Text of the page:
See the table below for in depth analysis of nutrients: Spinach nutrition (Spinacia oleracea), raw, values per 100 g. (Source: USDA National Nutrient data base)
Principle Nutrient Value Percent of RDA
Energy 23 Kcal 1%
Carbohydrates 3.63 g 3%
Protein 2.86 g 5%
Total Fat 0.39 g 1.5%
Cholesterol 0 mg 0%
Dietary Fiber 2.2 g 6%
Folates 194 µg 48.5%
Niacin 0.724 mg 4.5%
Pantothenic acid 0.065 mg 1%
Pyridoxine 0.195 mg 15%
Riboflavin 0.189 mg 14.5%
Thiamin 0.078 mg 6.5%
Vitamin A 9377 IU 312%
Vitamin C 28.1 mg 47%
Vitamin E 2.03 mg 13.5%
Vitamin K 482.9 µg 402%
Sodium 79 mg 5%
Potassium 558 mg 12%
Calcium 99 mg 10%
Copper 0.130 mg 14%
Iron 2.71 mg 34%
Magnesium 79 mg 20%
Manganese 0.897 mg 39%
Zinc 0.53 mg 5%
Carotene-ß 5,626 µg --
Crypto-xanthin-ß 0 µg --
Lutein-zeaxanthin 12,198 µg --

Selection and storage

Spinach is best available during the winter season. In the markets, buy fresh leaves featuring dark green color, vitality, and crispiness. Avoid those with dull/sunken leaves, yellow discoloration, and spots.

Once at home, wash them thoroughly in clean running water, and rinse in saltwater for about 30 minutes in order to remove dirt and any insecticide residues.

Although it can be stored in the refrigerator for up to a week, fresh leaves should be eaten at the earliest in order to get maximum nutrition benefits.

Preparation and serving methods

Wash leaves in cold water before using them in cooking. Gently pat them dry using a tissue or soft cloth. Trim away tough stems. Raw leaves can be either chopped or used as they are in a variety of recipes.

spinach rice
Spinach-rice with chickpeas and tofu.
Photo courtesy: scottfeldstein
palak paneer
Palak-paneer. Thoroughly cooked spinach leaves mashed, sauteed and mixed with cheese cubes.

Here are some serving tips:

  • Fresh, tender spinach leaves (baby spinach) can be eaten raw either in salad and vegetable burgers or as juice. Antioxidant properties may decrease significantly on steaming, frying, and boiling for longer periods.

  • Alongside other vegetables/mushrooms, its leaves are used in the preparation of noodles, pie, pasta, pilaf (pulao), and soups as well as in the preparation of baby foods.

  • Prepare Mediterranean-style spinach souffle, casserole, lasagna, quiche, spinach-filled tortellini, etc.

  • In India and Pakistan, where it is popular as "palak," spinach features in a variety of delicious cooking such as "palak paneer" (Indian cottage cheese), aloo-palak (with potato), fried rice, chicken, and meat preparations.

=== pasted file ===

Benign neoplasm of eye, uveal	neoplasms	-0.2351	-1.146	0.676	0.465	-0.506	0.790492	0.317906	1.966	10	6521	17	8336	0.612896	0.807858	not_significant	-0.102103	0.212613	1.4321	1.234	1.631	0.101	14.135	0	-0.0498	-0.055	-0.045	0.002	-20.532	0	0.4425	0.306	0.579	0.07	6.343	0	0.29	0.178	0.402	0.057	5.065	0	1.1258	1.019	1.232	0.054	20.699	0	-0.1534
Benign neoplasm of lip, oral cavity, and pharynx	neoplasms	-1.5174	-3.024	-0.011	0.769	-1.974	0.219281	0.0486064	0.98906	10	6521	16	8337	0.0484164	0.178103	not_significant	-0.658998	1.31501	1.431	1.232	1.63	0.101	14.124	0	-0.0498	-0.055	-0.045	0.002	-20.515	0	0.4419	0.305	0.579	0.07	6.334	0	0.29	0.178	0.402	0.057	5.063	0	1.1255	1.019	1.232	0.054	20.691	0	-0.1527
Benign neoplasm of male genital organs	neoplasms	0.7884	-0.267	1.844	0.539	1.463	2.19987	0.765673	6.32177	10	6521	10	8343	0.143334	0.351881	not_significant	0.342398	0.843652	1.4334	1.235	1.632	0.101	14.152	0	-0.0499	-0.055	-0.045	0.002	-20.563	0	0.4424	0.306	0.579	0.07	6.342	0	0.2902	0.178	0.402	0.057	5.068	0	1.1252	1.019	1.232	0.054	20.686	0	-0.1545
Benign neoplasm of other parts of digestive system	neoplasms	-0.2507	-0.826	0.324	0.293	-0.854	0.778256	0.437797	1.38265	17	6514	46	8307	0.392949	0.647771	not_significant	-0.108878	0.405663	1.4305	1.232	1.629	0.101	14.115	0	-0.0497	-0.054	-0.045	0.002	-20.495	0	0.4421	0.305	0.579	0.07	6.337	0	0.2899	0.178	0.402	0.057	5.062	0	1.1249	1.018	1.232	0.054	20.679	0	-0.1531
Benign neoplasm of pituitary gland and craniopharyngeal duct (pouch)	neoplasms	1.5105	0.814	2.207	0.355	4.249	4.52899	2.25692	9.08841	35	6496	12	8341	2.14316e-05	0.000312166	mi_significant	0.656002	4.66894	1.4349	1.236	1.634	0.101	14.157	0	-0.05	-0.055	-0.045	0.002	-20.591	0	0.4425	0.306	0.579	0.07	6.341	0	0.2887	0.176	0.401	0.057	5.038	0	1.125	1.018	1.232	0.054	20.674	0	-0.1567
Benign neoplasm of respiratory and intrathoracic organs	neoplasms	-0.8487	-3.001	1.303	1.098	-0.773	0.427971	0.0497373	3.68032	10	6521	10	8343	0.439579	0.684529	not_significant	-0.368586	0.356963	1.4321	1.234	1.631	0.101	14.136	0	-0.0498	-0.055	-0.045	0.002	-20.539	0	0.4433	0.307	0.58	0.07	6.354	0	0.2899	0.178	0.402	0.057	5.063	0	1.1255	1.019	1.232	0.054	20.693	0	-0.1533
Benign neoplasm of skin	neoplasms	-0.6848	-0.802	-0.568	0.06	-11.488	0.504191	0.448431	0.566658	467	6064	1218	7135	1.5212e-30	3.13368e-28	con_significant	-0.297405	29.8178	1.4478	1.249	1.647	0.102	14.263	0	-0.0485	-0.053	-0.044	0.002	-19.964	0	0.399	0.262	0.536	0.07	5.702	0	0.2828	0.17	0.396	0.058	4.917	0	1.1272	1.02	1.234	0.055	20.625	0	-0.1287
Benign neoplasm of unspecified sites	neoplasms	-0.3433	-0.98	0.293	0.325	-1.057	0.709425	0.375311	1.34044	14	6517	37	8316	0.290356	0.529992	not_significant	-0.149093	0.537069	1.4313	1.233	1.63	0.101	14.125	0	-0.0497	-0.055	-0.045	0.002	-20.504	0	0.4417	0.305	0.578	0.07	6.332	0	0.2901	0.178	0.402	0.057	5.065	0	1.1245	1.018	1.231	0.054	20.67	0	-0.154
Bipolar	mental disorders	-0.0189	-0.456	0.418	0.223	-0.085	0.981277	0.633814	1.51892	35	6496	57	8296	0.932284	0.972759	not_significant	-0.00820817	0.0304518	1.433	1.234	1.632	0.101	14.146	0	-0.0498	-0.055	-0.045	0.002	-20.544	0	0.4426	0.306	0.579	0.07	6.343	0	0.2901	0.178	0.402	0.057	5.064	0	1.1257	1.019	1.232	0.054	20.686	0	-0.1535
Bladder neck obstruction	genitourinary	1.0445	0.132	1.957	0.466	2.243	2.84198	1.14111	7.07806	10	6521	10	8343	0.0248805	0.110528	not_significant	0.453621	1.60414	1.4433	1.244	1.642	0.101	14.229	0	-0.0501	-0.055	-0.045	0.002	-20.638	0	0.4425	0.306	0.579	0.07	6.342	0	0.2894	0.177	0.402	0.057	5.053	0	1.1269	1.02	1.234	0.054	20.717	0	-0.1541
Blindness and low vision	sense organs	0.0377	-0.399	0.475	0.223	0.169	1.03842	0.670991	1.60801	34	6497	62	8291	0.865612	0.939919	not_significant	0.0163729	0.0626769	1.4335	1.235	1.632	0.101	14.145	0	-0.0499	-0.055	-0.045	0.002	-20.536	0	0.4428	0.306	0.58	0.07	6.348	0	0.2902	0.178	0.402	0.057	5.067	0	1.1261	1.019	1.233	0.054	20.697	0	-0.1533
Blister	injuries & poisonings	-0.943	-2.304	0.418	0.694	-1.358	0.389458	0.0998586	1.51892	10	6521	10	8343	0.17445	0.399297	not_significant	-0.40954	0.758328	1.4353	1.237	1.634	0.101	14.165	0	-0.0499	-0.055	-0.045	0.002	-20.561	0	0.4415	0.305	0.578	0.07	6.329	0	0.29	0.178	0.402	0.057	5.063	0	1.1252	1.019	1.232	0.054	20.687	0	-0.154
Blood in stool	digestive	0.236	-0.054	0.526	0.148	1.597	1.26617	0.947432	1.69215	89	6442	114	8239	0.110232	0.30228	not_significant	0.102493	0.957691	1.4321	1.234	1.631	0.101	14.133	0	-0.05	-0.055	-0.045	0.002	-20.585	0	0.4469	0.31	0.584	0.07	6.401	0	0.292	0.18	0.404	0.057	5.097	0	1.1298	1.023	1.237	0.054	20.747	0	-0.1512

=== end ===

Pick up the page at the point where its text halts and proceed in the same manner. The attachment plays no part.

• In India and Bangladesh spinach is mixed with other seasonal greens like goosefoot (Chenopodium album), fenugreek, mustard greens, Malabar spinach (Basella alba), etc., to prepare "saag" which is eaten with unleavened bread (roti), and rice.

Safety profile

  • Reheating spinach leftover may cause the conversion of nitrates into nitrites and nitrosamines by certain bacteria that thrive on pre-prepared nitrate-rich foods such as spinach and many other green vegetables. These harmful compounds may be bad for health, especially in children.

  • Phytates and dietary fiber present in the leaves may interfere with the bioavailability of iron, calcium, and magnesium.

  • Because of its high vitamin-K content, patients taking anti-coagulants such as "warfarin" are encouraged to avoid spinach in their food since it interferes with drug metabolism.

  • Spinach contains oxalic acid, a naturally occurring substance found in some vegetables, which may crystallize as oxalate stones in the urinary tract in some people. Individuals with known oxalate urinary tract stones are advised to avoid eating certain vegetables belonging to the Amaranthaceae and Brassica family. Adequate intake of water is therefore advised to maintain normal urine output.

  • It may also contain goitrogens, which may interfere with thyroid hormone production and can cause thyroxin hormone deficiency in individuals with thyroid dysfunction. (Medical disclaimer).

Also read ≻≻-

≻≻- Arugula (Salad rocket) Nutrition facts.

≻≻- Lamb's lettuce (Mâche) Nutrition facts.

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Further reading:

  1. Refer Vegetable information page - University of Illinois Extension. (Link opens in new window).

  2. USDA National Nutrient Database.(Link opens new window)